Paris, 5:08pm

I’m being a bit of a Parisienne cliche right now.

I’m sitting at a small table on the sidewalk outside a cafe, watching people stroll by. I take tentative sips of steaming coffee between bites of pan au chocolat. It’s chilly out, enough to whip my cheeks into a faint pink but not enough to force me inside. The sun is setting behind the Eiffel Tower in the distance, bathing the streets in streaks of salmon and amber. The magic hour is really magical in Paris.

I’m typing away on my iPad, blissfully leaning into the cliche of the American coming to Paris and writing on a sidewalk as a novelty rather than embracing the pause in my day as a way of life as the French do. But my girl Rob told me to go be a writing ass bitch in Paris. So I went. I be’d.

Earlier while walking down Champs-Elysees and talking me out of spending all my money at Saint Laurent, I’d noticed a tour bus unloading a group of students across from the Arc de Triomphe. They snapped pictures and eagerly chattered amongst themselves as they fell into their self-segregated groups. Watching them made me think of the first time I was in Paris.

Though I was certainly too young to appreciate it at the time, I turned 16 in Paris. I remember feeling so worldly and glamorous as my school group snacked on charcuterie and lifted the fancy glasses the restaurant put our sodas in to toast since we couldn’t have wine. It was the first time that it occurred to me that not only was the world larger than my small, agonizing circle, but that maybe I could actually live in it too.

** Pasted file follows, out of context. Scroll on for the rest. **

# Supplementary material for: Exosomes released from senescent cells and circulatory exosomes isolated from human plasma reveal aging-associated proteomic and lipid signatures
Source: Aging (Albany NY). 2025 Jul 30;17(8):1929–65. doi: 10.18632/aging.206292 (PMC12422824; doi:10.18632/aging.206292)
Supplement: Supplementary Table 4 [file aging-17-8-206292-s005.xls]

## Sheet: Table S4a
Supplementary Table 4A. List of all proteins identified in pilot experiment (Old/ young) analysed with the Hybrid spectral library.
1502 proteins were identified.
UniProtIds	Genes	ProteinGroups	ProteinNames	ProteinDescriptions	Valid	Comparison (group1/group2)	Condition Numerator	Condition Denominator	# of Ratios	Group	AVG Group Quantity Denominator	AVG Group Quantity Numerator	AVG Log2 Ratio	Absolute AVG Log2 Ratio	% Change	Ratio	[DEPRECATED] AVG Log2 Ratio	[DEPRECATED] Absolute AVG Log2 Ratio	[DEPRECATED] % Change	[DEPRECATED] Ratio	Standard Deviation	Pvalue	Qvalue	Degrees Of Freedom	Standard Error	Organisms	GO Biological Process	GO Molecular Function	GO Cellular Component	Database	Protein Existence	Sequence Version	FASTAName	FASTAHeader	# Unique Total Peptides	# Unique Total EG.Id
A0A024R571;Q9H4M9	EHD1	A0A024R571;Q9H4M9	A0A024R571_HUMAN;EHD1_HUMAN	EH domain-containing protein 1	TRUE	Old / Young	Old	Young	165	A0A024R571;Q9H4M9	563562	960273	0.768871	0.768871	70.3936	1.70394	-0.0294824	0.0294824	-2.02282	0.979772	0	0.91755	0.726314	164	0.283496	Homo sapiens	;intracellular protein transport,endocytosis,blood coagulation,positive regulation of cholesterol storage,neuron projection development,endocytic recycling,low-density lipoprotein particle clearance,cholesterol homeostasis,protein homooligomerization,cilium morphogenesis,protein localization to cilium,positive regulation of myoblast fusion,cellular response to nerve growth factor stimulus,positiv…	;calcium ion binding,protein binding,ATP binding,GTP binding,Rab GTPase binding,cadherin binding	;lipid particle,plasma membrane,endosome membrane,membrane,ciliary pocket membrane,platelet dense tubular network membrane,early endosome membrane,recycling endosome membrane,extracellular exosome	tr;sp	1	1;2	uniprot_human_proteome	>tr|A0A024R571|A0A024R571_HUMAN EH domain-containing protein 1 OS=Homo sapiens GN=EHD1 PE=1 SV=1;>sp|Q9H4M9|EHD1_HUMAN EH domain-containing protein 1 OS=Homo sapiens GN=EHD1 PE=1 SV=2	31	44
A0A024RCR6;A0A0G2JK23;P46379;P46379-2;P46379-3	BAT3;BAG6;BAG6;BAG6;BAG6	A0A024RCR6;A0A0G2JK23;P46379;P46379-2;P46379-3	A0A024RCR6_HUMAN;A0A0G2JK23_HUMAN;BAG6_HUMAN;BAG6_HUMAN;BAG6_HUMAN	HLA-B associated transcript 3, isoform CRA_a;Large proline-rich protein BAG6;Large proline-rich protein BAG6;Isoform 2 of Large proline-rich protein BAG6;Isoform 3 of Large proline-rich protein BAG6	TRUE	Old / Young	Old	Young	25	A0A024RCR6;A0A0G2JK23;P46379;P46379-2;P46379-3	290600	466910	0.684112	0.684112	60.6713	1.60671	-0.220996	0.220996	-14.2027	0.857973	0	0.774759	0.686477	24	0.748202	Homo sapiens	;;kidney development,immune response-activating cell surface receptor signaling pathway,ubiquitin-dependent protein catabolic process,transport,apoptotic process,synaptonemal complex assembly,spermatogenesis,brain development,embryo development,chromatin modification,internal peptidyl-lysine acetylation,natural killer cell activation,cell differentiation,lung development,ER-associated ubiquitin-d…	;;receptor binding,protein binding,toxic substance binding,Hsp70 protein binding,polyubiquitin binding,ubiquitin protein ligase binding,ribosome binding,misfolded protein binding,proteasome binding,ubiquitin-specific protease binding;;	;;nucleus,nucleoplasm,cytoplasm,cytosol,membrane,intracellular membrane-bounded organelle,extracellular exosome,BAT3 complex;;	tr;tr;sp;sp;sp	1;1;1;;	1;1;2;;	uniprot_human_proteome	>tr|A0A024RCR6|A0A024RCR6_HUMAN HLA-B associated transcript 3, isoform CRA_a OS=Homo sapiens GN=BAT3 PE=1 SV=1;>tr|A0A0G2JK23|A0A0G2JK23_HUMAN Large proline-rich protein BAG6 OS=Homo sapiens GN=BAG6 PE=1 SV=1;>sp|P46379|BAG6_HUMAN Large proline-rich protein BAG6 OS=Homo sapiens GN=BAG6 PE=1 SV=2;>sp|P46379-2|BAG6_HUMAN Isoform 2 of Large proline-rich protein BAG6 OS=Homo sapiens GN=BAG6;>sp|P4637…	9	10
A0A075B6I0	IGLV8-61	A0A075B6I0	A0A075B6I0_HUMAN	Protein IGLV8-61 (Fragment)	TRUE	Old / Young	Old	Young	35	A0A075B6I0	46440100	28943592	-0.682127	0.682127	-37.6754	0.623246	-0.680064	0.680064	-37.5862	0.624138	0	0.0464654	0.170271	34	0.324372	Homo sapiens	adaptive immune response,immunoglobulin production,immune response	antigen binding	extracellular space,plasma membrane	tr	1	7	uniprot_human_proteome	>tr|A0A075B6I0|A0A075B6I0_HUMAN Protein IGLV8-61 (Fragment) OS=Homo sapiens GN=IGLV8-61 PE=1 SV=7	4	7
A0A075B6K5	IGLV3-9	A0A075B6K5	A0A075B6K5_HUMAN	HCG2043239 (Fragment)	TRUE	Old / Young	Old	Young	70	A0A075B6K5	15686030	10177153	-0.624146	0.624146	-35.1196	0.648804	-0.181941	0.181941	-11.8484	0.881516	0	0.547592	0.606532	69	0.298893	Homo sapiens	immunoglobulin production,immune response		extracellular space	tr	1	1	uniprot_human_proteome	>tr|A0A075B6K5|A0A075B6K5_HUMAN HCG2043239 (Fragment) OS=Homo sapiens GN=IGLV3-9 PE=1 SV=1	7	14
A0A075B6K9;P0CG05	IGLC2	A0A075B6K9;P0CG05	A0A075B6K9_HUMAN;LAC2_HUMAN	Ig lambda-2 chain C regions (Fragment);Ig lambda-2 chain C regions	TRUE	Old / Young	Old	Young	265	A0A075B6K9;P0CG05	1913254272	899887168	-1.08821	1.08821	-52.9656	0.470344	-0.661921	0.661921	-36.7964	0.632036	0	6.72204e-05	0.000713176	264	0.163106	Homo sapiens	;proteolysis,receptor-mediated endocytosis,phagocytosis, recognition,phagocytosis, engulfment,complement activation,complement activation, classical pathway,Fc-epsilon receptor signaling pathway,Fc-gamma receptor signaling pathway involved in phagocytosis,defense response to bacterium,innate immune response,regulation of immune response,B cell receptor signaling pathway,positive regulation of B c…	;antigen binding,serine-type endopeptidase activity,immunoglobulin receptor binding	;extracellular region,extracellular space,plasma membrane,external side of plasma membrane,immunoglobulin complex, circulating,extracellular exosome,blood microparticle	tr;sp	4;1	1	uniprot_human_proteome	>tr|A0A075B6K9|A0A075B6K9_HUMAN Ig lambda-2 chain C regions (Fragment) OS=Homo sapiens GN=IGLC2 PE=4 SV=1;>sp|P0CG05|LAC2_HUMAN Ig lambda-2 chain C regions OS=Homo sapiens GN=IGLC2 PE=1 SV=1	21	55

I remember sixteen. There was plenty of ridiculous teenage angst, as is every teenager’s right. But my sixteen was also more painful than anyone’s needed to be. Managing my life felt like more than I could bear, dealing with an overbearing mother and an absent father. Falling in love for the first time in a way that felt too big for my body and stroked my abandonment issues. Wrestling with the religious screeds I’d grown up with that no longer felt true but turning away from felt like damnation. It was the beginning of a lifetime of disordered eating, with hours of dancing and my own perfectionist proclivities driving me to skip meals and crash diet and purge when those things failed. I carried it all mostly silently, my insides an agony everyday with nowhere to put all the pain except to turn it back in on myself.

In the intervening years, I have both languished in self-destruction and started to heal. I’ve made everything worse and some things better. But as I have found my footing in the world that Little La realized might be open to her, I have also tried to give her the things she didn’t have. I’ve thrown a million miles around the world at her, taking her places that she’d only read about. I’ve surrounded her with people who love her big. I’ve taken her to therapy and talked her through her spirals and gently tried to coax her out of the dark corners her world necessitated that she cower in. I can’t always convince her to stop savagely criticizing herself, but I’ve tried. I’ve tried to give her the home she never felt she had. I’ve given her a big, beautiful thing. A brightly colored thing of cobalts and vermilions and coppers and violets. Everything I do is for her.

 I hope she’s proud of me.

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